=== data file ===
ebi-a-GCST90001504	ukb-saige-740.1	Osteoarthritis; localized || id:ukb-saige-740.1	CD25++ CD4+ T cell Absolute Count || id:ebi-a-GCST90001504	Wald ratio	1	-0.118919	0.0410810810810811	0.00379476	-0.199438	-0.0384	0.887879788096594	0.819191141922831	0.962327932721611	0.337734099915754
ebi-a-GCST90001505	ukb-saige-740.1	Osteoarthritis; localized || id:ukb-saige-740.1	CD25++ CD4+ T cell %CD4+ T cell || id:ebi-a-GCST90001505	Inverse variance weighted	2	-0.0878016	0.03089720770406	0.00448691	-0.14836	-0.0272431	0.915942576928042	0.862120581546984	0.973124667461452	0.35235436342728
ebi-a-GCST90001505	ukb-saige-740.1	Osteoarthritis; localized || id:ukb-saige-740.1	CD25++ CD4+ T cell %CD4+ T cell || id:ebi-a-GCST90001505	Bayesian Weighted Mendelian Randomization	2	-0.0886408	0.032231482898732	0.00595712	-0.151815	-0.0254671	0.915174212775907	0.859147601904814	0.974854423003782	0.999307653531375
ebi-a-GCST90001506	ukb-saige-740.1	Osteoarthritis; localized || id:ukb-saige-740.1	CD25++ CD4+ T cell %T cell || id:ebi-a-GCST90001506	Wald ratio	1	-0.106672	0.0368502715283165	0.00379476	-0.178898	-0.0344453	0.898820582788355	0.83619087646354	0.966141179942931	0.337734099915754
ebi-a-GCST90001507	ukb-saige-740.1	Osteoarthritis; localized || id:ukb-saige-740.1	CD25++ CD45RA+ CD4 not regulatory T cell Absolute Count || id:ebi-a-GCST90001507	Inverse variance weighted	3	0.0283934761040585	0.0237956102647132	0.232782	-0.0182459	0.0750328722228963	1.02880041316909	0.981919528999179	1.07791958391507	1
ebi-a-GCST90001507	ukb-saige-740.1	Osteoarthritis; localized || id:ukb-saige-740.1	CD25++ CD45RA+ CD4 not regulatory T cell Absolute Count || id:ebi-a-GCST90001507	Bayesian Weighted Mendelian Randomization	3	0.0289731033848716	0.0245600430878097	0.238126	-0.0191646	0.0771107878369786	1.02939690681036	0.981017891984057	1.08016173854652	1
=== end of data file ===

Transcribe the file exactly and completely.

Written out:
ebi-a-GCST90001504	ukb-saige-740.1	Osteoarthritis; localized || id:ukb-saige-740.1	CD25++ CD4+ T cell Absolute Count || id:ebi-a-GCST90001504	Wald ratio	1	-0.118919	0.0410810810810811	0.00379476	-0.199438	-0.0384	0.887879788096594	0.819191141922831	0.962327932721611	0.337734099915754
ebi-a-GCST90001505	ukb-saige-740.1	Osteoarthritis; localized || id:ukb-saige-740.1	CD25++ CD4+ T cell %CD4+ T cell || id:ebi-a-GCST90001505	Inverse variance weighted	2	-0.0878016	0.03089720770406	0.00448691	-0.14836	-0.0272431	0.915942576928042	0.862120581546984	0.973124667461452	0.35235436342728
ebi-a-GCST90001505	ukb-saige-740.1	Osteoarthritis; localized || id:ukb-saige-740.1	CD25++ CD4+ T cell %CD4+ T cell || id:ebi-a-GCST90001505	Bayesian Weighted Mendelian Randomization	2	-0.0886408	0.032231482898732	0.00595712	-0.151815	-0.0254671	0.915174212775907	0.859147601904814	0.974854423003782	0.999307653531375
ebi-a-GCST90001506	ukb-saige-740.1	Osteoarthritis; localized || id:ukb-saige-740.1	CD25++ CD4+ T cell %T cell || id:ebi-a-GCST90001506	Wald ratio	1	-0.106672	0.0368502715283165	0.00379476	-0.178898	-0.0344453	0.898820582788355	0.83619087646354	0.966141179942931	0.337734099915754
ebi-a-GCST90001507	ukb-saige-740.1	Osteoarthritis; localized || id:ukb-saige-740.1	CD25++ CD45RA+ CD4 not regulatory T cell Absolute Count || id:ebi-a-GCST90001507	Inverse variance weighted	3	0.0283934761040585	0.0237956102647132	0.232782	-0.0182459	0.0750328722228963	1.02880041316909	0.981919528999179	1.07791958391507	1
ebi-a-GCST90001507	ukb-saige-740.1	Osteoarthritis; localized || id:ukb-saige-740.1	CD25++ CD45RA+ CD4 not regulatory T cell Absolute Count || id:ebi-a-GCST90001507	Bayesian Weighted Mendelian Randomization	3	0.0289731033848716	0.0245600430878097	0.238126	-0.0191646	0.0771107878369786	1.02939690681036	0.981017891984057	1.08016173854652	1